16. National Library of Ireland on The Commons
    National Library of Ireland on The Commons says:

    [http://www.flickr.com/photos/blackpoolbeach] By the looks of that photo, ofarrl is absolutely right that the middle O’Gorman seated in the front row above is indeed John F.!

  17. Desktop 123

    This Photo was taken in front of ‘Prior Park’ house in Clonmel. It was his family house (right next to the Coach building factory). Prior Park house was demolished and a small group of houses build in it’s place (Prior Park estate). J. F. O’Gorman’s son and daughter still live in the area.

  18. blackpoolbeach
    blackpoolbeach says:

    Thanks for the Prior Park House info.
    Here it is on the old OSI map
    Lots of new houses built on Gallows Hill. Spooky.

  19. Desktop 123

    Thanks’ Blackpoolbeach’ and others for the recent links.

    The following article appeared in ‘THE NATIONALIST’ A Clonmel paper, on Saturday 24/9/1988, titled ‘MORE ABOUT O’GORMANS, THE COACHBUILDERS’ – by MICHAEL DROHAN. I have re-typed it below (as there was only a hard copy!) It would
    be great if anyone is able to put some names to the faces in the photograph.
    Inevitably, when writing from memory about O’Gormans coachbuilding works at Prior Park,I omitted some names of people who had worked there in the thirties. Eddie O’Connor, Abbey Road was one and he reminded me of a rather amusing incident
    A temporary accountant was employed there at the time who was fond of asserting an authority he never had even on the factory floor. Standing near a bus which was in for repairs, he was loudly berating a labouring man when a hand reached out from under the vehicle and painted the toecaps of his beautiful brown brogues a brilliant black. Eventually, he stalked away with his head in the air still unaware of what had occurred, We never saw him again.
    John Callaghan of the Shower Bath, Old Bridge, was another member of the staff. He is now caretaker of the Courthouse. Tom Norris, Shortcastle, Ardfinnan, was one of the team of coach bodybuilders.
    Bill Cooney, who later resided near Redmondstown, was storekeeper and caretaker. The stores were situated in the unused servants’ quarters of Prior Park House and included 2,000 wooden mallets which were bought cheaply in Germany by one of the firm’s representatives on the continent. Cooney was so honest that he wouldn’t give you a nail without an order from the office. I know he wouldn’t give me one of the mallets, anyway, when I wanted it to knock down the pegs of a tent when I went camping.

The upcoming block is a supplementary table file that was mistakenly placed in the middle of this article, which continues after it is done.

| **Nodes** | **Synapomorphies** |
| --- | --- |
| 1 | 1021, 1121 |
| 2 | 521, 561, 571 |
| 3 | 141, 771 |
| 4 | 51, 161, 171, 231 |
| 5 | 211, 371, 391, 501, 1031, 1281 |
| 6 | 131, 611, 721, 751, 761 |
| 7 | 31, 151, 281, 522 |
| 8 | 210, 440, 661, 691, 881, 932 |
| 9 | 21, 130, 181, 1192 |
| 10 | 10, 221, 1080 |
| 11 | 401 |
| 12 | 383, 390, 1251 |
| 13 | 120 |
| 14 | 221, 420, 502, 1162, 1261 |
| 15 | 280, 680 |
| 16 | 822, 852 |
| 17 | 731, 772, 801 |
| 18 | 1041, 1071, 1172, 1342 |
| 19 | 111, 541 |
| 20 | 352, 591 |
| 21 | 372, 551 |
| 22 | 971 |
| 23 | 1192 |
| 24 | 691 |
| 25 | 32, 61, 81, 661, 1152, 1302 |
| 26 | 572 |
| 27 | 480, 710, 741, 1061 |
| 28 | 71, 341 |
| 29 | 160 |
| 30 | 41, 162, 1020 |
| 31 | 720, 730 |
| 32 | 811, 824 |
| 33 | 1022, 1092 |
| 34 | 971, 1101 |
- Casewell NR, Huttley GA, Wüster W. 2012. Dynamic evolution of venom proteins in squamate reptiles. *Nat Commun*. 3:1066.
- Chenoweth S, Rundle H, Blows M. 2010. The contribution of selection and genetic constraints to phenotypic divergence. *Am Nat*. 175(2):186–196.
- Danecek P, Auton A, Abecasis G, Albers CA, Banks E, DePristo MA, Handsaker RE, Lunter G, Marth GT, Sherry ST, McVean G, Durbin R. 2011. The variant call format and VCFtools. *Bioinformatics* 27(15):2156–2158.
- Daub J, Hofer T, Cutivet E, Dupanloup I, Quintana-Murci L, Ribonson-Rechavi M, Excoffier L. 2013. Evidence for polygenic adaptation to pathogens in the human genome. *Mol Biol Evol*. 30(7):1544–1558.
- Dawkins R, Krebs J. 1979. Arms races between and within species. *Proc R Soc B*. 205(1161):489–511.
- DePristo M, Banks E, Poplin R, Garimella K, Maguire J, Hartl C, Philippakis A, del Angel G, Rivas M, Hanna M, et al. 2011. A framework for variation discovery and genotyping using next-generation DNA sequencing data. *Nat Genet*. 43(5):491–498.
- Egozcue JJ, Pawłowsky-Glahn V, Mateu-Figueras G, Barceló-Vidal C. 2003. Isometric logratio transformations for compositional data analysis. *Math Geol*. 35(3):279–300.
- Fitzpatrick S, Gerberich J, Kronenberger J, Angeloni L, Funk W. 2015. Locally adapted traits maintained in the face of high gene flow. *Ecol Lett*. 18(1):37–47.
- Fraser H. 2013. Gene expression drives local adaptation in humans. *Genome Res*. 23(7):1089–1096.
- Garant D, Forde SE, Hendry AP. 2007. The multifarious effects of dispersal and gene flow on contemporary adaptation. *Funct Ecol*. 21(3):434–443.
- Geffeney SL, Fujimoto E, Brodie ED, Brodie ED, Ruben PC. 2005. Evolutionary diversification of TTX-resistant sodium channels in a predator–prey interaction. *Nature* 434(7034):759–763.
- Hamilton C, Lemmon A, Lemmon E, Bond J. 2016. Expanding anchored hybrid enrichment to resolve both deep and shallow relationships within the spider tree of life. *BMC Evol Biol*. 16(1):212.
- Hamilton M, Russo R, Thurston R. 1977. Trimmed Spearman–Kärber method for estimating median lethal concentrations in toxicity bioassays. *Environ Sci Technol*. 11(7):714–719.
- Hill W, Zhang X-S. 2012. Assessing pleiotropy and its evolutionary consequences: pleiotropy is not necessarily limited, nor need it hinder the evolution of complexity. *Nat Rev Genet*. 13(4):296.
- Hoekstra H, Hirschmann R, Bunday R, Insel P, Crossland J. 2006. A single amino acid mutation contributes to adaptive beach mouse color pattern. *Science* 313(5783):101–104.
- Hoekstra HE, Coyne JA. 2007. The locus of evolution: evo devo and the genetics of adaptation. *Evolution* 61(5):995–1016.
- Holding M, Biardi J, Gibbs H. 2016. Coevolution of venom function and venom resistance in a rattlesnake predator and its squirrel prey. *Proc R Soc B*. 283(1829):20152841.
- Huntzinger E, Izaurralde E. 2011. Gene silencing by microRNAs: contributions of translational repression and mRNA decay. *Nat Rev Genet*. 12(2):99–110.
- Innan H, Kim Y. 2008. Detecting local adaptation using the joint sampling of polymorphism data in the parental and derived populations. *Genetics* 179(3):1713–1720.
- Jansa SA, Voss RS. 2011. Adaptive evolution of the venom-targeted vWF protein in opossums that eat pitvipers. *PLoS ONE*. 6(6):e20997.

Years later when, sadly the firm went into liquidation, I attended the sale. When the auctioneer tried to sell the eight crates of mallets, each containing 250, there was a roar of laughter from the crowd, in which even the auctioneer joined.
    Apparently a mallet was one of the test pieces in carpentry examinations in our technical schools’ equivalent in Germany, and so many thousands had accumulated over the years that no-one knew what to do with them. Like one of our recent Ministers of Argriculture, the late James Dillon, who proposed to drown Britain in eggs, John O’Gorman’s continental representative may have felt he could smother Ireland with mallets. Or maybe it was only the politicians in Dail Eireann he intended to put down.
    John O’Gorman was managing director of the company; Willie Prendergast held the position of general manager of the factory and later established his own business along the same lines near the Gashouse Bridge. Mick Whelan, who lived in Queen Street, and who was a brother-in-law of John O’Gorman, was timekeeper.
    O’Gorman was born and reared near Glennagat, close to New Inn. I was talking to his daughter, Mrs Harwood, during the week, when I was invited to visit Prior Park House to look at some old photographs. I hoped to get one of the staff. Unfortunately, I was unsuccessful, but Mrs Harwood said she had more albums to go through and will be in touch again.
    Her courteous husband, Graham, was kind enough to walk with me through the grounds where I renewed acquaintance with the tall Californian Redwoods (Sequota Sempervirens) – so rare in this country – and again ran my fingers over the ancient, gnarled trunk of the wisteria at the entrance to the kitchen garden. I visited again the little chapel or meeting place of the Quakers, the Society of Friends, which is now almost covered in undergrowth.
    Two subsidiaries of John O’Gorman’s coachbuilding firm were the South of Ireland School of Motoring and O’Gorman’s Garage in Parnell Street. The school was situated on the factory ground, with an entrance opposite the Spanish Arms, now owned by the Bates family on the Fethard Road.
    Andy Dillon was in charge for a time before being succeeded by James Gogarty of Cahir.I was recently talking to Jack Quinlan of St. Patrick’s Terrace (his family had an extensive farm at Suirmount – and some fine Salmon fishing- beyond Kilmanahan). When he moved into Clonmel in the late 20s he took a ten week course at the school and emerged with a first-class pass. His certificate stated: ‘This is to certify that as a result of an examination held at the South of Ireland School of Motoring on the 7th day of November 1929, in Mechanical Petrol Motor Driving, John Quinlan was awarded a first-class pass in (a) Mechanism and Ignition (87 marks out of 100); (b) Driving and Tyrefitting (85 marks), Signed John O’Gorman, Manager; James S. Gogarty, Examiner.’